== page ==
MindBullets 20 Years


Controversial digital currency collapses as clones saturate the market

In essence, Bitcoins are digital artifacts created by using computers to solve complex mathematical formulae, essentially cracking a code. The reward one receives is itself an encrypted code, which can be transferred to others, hence the term ‘crypto currency’. Inspired by Bitcoin, Primecoin’s protocol searches for chains of prime numbers.

Digital currencies like Primecoin and Bitcoin have no value other than as a means of exchange for digital products and services, including other digital currencies. However, as real-world merchants began accepting Bitcoin as payment, it took on the role of a virtual currency, like Air Miles, but without central control. Several trading exchanges sprang up, allowing one to buy and sell Bitcoin for real currencies. Speculation was rife, and volatility extreme.

Primecoin may have been established for the sole reason of selling time on idle servers to those who needed serious computing power to ‘mine’ the coins from the cryptic algorithms that defined them. But as any student of Ponzi schemes knows, when a process is established which is entirely self-serving, and relies on continued demand from new entrants into the market to provide returns, it will ultimately collapse.

Some conspiracy theorists have suggested that, far from being a Ponzi scheme, “Bitcoin was the brainchild of a Taiwanese chip making company – to spur demand for their processors.” The idea was quickly copied by designers of alternate crypto currencies, with easier algorithms to mint coins more frequently. Server farms were soon offering pre-configured servers, ready to mine at an hourly or daily rate.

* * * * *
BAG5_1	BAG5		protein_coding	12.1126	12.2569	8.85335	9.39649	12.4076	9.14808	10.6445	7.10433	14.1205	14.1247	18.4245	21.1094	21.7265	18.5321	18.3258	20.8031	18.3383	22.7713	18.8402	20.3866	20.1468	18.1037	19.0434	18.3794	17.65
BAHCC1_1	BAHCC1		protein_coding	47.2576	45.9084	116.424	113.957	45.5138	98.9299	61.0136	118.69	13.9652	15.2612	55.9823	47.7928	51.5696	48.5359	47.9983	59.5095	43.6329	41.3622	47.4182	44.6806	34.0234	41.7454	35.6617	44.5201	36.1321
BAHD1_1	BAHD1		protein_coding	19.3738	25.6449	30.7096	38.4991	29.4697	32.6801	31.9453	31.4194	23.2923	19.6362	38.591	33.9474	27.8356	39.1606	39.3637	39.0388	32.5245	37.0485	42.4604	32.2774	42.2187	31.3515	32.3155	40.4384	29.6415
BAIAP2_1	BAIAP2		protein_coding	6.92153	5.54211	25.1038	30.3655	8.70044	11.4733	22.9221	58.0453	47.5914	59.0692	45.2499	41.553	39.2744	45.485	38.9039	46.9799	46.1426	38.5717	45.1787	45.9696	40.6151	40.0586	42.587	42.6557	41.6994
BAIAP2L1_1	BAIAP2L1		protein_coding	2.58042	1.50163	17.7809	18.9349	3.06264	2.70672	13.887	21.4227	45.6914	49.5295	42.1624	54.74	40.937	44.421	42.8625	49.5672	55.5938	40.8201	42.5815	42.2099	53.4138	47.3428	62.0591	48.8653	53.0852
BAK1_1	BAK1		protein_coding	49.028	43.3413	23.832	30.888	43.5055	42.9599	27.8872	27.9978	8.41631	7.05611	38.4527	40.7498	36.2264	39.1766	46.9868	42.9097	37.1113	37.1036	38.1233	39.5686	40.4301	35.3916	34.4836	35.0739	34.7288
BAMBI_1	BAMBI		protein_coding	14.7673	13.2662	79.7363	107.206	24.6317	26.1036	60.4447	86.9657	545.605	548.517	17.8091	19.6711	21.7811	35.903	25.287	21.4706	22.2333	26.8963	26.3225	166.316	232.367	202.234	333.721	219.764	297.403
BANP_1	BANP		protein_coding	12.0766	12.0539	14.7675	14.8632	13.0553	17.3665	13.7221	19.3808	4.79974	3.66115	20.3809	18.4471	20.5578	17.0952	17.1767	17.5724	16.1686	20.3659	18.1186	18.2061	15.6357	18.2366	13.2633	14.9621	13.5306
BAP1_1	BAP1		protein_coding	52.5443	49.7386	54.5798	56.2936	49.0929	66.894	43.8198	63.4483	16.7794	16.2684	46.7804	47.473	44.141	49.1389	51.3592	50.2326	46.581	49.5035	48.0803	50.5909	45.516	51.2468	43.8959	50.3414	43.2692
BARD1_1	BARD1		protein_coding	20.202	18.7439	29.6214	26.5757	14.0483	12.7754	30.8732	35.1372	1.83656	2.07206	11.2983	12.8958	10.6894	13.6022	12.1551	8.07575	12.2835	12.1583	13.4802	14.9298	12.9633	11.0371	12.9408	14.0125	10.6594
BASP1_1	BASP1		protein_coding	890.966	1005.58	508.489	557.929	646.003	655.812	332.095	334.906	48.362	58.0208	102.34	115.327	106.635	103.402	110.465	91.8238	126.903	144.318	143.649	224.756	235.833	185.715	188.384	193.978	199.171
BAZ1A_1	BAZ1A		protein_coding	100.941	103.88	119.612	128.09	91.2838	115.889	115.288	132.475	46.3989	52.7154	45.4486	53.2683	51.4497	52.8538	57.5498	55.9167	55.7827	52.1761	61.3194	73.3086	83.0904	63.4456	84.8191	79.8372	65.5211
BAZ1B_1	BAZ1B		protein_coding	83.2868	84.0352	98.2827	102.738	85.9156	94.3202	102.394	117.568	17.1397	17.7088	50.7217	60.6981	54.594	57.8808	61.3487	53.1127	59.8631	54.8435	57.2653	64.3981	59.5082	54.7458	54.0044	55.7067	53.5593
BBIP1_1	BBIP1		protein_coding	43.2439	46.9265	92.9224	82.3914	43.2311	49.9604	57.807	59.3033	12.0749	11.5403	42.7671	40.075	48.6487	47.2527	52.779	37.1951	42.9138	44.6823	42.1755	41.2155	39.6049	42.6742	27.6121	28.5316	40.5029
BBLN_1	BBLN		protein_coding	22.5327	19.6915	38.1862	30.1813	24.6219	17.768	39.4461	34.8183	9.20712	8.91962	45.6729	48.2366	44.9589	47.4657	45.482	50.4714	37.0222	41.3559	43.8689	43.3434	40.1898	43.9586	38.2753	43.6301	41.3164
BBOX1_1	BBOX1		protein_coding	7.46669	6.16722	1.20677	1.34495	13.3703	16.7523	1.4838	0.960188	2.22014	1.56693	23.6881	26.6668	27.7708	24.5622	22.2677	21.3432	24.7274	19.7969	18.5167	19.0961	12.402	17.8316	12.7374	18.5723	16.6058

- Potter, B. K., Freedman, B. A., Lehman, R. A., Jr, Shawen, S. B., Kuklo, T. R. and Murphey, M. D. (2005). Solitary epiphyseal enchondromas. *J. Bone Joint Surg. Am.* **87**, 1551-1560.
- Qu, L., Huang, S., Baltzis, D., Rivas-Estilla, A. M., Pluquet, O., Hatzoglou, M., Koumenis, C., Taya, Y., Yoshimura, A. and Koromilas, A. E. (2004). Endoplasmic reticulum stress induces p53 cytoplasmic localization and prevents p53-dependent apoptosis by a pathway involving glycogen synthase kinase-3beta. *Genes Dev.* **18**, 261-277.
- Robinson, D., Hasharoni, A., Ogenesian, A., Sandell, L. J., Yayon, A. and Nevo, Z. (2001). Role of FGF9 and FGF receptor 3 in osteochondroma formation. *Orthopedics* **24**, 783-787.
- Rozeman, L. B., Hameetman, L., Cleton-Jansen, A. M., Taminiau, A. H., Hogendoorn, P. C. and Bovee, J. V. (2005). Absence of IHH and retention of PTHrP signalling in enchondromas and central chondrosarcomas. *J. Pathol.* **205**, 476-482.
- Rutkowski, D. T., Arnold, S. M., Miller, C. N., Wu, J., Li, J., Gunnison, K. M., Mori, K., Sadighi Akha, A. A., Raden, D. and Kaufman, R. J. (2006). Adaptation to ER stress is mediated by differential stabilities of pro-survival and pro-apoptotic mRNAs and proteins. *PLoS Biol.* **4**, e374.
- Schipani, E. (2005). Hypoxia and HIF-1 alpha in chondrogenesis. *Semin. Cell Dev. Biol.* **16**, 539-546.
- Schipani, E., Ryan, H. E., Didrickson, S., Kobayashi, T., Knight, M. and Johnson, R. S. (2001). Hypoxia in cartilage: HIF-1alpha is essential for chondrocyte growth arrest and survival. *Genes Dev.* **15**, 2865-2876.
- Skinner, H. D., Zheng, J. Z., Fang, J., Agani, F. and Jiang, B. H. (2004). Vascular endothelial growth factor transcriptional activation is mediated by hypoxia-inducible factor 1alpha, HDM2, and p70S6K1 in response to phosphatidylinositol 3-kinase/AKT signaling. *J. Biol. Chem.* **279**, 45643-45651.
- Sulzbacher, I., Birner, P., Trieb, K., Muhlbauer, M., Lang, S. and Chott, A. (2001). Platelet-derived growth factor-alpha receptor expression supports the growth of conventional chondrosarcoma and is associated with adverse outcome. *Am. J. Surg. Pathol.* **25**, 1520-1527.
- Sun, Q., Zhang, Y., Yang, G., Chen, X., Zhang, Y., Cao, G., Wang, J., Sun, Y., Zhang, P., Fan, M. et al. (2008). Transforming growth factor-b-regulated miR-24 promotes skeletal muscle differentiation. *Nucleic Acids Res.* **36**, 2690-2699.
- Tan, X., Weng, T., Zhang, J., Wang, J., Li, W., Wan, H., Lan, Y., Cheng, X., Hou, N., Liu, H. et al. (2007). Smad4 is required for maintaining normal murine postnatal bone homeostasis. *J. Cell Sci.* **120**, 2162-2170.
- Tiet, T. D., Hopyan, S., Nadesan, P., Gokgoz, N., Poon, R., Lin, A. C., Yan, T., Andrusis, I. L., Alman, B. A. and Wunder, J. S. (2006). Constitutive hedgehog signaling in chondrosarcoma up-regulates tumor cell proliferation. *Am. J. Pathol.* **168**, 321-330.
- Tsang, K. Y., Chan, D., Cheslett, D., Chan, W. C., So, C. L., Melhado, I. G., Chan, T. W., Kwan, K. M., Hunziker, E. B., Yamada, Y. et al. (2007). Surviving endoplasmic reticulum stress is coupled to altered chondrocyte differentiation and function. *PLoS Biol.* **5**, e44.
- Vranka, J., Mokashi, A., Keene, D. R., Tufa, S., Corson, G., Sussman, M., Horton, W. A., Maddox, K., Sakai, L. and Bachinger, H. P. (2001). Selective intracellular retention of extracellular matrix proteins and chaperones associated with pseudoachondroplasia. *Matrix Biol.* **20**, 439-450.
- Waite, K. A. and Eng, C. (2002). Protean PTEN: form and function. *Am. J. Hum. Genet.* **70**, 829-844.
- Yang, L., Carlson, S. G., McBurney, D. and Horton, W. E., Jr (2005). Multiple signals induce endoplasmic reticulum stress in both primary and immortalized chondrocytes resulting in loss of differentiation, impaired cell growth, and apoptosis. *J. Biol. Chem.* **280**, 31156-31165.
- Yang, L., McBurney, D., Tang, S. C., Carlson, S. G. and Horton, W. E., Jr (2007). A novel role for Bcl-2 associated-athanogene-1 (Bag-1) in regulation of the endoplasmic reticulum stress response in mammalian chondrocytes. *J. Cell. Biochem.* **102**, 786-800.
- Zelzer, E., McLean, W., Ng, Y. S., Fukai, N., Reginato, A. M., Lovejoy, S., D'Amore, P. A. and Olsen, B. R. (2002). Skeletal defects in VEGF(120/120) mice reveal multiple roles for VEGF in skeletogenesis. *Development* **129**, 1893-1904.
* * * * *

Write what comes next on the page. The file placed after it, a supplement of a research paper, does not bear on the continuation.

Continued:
“The great leveller is the cost of electricity,” said one blogger. If the power used to mine a coin costs US$ 130 and they are only trading at US$ 120 then there is no incentive to mine. Speculators who hired virtual servers on the fly, as the difficulty to produce coins ebbed and flowed, were sometimes making money, sometimes losing.

Ultimately the number of eager entrants who wanted to join the scheme dried up, and the whole structure collapsed, but not before several fortunes were made and lost, both in the coins themselves, as well as ‘investment funds’ and related schemes, speculating in the value of Bitcoins. Like any bubble, the roller coaster ride was wild, but unsustainable.

Perhaps the real winners were the tech vendors who risked nothing, but provided all the hardware and facilities to do the number crunching and coin mining!

Warning: Hazardous thinking at work

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